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The upside-down politics of the Kavanaugh fight

Polls show increasing public skepticism about confirming the U.S. Court of Appeals judge.

Judge Brett Kavanaugh listens to opening statements during

Judge Brett Kavanaugh listens to opening statements during his Supreme Court confirmation hearing before the Senate Judiciary Committee. Photo Credit: Getty Images / Drew Angerer

In a perfect world, the showdown this week over Supreme Court nominee Brett Kavanaugh would focus only on the credibility of accusations of sexual assault against him, which he has denied. But the outcome will swing at least as much on the politics of the situation.

In the perverse world of Washington, Republicans are likely to lose politically if their nominee survives. If they cut their losses, however, and President Donald Trump quickly picks a replacement, probably Judge Amy Coney Barrett, that would become a rallying cause for Republicans in November.

Kavanaugh and one of his accusers, California college professor Christine Blasey Ford, are slated to testify on Thursday before the Senate Judiciary Committee about allegations by Ford that he assaulted her at a party while both were high school students in the 1980s. Over the weekend, the New Yorker magazine reported a second accusation against Kavanaugh by a woman who said he exposed himself to her in a drunken encounter in a Yale dorm room later in the 1980s.

Unless the hearings and subsequent information clearly undercuts the charges, Kavanaugh’s nomination is in deep trouble. Polls show increasing public skepticism about confirming the U.S. Court of Appeals judge.

Thus, if Republicans barely confirm him on a partisan vote, it probably would become a political liability in the midterm elections on Nov. 6, compounding their existing problems with female voters.

A decision to dump Kavanaugh, who insists that he won’t withdraw, would rest with Trump and Senate Republican leader Mitch McConnell, whose only concern is protecting his majority. Although McConnell promised conservatives last week that Kavanaugh would be confirmed, he’ll drop him in a moment if it’s politically advantageous.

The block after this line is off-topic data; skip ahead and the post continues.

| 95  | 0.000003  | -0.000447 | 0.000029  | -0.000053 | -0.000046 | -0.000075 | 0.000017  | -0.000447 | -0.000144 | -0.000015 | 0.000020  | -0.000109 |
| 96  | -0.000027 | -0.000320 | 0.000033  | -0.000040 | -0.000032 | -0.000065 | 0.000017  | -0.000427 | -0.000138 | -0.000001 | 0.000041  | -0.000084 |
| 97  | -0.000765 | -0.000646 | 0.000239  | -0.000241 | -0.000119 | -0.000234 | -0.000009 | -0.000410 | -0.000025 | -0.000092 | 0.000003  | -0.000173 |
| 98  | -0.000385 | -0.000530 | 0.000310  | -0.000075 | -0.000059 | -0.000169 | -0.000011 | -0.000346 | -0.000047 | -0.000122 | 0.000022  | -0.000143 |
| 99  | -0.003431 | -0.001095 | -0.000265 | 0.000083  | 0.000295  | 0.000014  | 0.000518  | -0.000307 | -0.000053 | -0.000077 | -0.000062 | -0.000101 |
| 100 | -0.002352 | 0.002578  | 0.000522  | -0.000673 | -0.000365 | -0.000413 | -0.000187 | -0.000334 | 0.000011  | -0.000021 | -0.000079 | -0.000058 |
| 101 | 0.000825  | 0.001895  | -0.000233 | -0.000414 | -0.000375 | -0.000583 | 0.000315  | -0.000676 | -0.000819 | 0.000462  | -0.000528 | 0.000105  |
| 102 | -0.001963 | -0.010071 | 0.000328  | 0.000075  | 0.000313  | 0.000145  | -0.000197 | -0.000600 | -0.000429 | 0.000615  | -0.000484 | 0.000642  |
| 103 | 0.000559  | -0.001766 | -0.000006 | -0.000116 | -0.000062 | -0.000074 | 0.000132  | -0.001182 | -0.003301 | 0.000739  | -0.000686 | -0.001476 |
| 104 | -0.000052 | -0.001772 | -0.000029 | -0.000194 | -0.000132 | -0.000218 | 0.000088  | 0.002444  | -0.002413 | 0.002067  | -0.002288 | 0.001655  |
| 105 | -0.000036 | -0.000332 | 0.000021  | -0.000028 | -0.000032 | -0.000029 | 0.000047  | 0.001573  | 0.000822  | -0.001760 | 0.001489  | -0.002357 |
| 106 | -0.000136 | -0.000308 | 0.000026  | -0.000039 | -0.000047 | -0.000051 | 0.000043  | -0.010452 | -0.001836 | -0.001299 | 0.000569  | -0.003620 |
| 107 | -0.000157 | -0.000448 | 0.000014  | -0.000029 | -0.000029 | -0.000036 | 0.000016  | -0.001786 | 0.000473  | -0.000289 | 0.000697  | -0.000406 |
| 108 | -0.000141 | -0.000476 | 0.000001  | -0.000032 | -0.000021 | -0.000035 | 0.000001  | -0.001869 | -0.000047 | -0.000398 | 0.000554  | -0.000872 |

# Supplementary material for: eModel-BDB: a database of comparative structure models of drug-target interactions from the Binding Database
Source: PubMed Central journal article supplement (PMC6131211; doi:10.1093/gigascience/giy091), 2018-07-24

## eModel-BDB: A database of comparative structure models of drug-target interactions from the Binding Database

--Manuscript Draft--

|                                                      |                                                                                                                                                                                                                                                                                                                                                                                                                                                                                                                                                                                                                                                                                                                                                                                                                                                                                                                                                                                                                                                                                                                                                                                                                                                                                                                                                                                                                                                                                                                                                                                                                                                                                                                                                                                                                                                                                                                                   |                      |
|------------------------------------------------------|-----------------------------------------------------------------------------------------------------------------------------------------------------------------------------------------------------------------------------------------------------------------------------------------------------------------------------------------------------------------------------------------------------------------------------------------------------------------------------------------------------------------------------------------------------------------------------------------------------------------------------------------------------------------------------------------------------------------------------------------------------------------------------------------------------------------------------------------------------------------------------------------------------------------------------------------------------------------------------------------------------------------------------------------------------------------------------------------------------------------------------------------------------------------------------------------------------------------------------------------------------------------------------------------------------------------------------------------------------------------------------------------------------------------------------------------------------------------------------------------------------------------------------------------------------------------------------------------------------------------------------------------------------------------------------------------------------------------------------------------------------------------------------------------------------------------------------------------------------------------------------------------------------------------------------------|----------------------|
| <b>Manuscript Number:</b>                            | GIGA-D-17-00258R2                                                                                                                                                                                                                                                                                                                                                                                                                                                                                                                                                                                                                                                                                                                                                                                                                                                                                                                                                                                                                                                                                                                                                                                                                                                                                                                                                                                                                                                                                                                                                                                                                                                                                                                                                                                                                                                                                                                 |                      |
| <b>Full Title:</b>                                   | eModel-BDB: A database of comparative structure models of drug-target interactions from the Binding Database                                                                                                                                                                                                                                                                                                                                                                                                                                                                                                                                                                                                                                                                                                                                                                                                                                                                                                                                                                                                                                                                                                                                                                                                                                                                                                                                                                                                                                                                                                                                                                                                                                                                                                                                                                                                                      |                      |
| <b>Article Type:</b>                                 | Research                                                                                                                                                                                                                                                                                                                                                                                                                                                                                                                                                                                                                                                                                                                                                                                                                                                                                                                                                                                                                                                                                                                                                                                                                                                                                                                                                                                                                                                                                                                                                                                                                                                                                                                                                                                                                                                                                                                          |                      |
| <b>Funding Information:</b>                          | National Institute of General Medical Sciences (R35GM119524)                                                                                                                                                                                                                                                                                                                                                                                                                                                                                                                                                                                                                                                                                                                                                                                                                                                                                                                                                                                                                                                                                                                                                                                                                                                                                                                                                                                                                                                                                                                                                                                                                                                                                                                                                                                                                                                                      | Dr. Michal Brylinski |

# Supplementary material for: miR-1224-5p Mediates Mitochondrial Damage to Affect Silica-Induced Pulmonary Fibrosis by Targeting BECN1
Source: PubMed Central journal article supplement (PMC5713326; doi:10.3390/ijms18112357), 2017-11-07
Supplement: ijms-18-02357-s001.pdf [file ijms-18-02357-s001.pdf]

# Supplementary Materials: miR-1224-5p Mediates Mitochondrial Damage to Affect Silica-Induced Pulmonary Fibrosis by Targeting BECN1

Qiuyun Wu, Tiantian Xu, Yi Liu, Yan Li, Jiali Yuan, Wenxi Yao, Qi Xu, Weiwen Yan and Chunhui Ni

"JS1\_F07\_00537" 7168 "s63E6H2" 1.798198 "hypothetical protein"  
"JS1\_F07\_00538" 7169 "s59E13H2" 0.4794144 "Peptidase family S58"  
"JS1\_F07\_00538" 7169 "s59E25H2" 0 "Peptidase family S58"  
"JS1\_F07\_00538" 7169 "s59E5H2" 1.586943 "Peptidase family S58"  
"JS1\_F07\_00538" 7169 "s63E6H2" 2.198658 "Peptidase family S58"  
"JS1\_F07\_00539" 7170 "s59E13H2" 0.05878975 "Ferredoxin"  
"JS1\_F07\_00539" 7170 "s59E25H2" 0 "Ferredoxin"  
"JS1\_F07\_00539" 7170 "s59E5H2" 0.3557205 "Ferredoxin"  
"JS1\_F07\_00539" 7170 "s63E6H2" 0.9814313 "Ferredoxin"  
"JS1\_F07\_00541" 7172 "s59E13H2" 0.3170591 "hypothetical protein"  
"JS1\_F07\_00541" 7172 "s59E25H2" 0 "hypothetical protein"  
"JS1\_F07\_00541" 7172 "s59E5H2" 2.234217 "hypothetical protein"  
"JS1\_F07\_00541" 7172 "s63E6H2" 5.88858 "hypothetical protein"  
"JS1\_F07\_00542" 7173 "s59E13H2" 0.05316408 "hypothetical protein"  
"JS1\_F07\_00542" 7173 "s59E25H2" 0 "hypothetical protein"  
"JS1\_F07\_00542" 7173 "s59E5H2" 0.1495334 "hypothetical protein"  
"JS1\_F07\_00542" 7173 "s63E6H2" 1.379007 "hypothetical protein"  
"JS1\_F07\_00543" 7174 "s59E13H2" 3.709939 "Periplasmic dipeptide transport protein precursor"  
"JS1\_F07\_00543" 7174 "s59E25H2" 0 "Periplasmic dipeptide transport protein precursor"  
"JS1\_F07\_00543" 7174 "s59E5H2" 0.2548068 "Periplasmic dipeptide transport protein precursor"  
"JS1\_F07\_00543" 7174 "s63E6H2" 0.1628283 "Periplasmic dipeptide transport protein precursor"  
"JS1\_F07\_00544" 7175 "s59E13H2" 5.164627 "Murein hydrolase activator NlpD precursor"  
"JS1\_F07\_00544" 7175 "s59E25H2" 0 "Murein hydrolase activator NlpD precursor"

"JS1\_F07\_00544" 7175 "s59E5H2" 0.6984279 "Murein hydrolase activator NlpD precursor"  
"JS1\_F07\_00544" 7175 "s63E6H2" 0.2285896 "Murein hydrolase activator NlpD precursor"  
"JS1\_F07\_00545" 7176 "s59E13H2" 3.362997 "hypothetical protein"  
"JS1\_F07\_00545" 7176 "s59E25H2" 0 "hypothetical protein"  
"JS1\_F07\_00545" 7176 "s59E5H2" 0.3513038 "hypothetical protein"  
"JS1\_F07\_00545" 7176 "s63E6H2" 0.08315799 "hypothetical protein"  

Then Republicans would insist that Trump reassure conservatives by naming a replacement quickly. The front-runner would be Barrett, a conservative former Notre Dame law professor and clerk to the late Supreme Court Justice Antonin Scalia. She was confirmed for the U.S. Court of Appeals for the Seventh Circuit last year on a largely party line vote.

Here’s where the politics could turn out to the Republicans’ advantage.

There would not be time to act on confirmation of Barrett before the election, but a pending nomination fight is likely to energize Republicans who might otherwise stay home in November. Barrett also would rally the Democratic ranks against her, but these highly motivated voters don’t need an extra incentive to go to the polls.

While Barrett’s pending confirmation fight might help Republicans in the election, they’d face extra barriers getting her confirmed afterward. Her staunchly anti-abortion views might be too much for a couple of more-or-less pro-choice Republican senators, Susan Collins of Maine and Lisa Murkowski of Alaska. And the pressure on Democratic Senators from conservative states to confirm a conservative court nominee would diminish after the midterms.

If Democrats should win a majority in the Senate, still improbable at this stage, a lame-duck session might be the Republicans’ last chance to confirm a Trump nominee.

McConnell’s decision in 2016 to block a vote on President Barack Obama’s nomination of Judge Merrick Garland to a Supreme Court vacancy could come back to haunt him. With Democrats still bitter over that unprecedented move, it’s not a reach to envision them sitting on any Supreme Court nominee for the remainder of the Trump term.

However it plays out, there’s one big loser: the Supreme Court.

Albert R. Hunt is a Bloomberg Opinion columnist covering politics and policy. He was the executive editor of Bloomberg News, before which he was a reporter, bureau chief and executive Washington editor at the Wall Street Journal.

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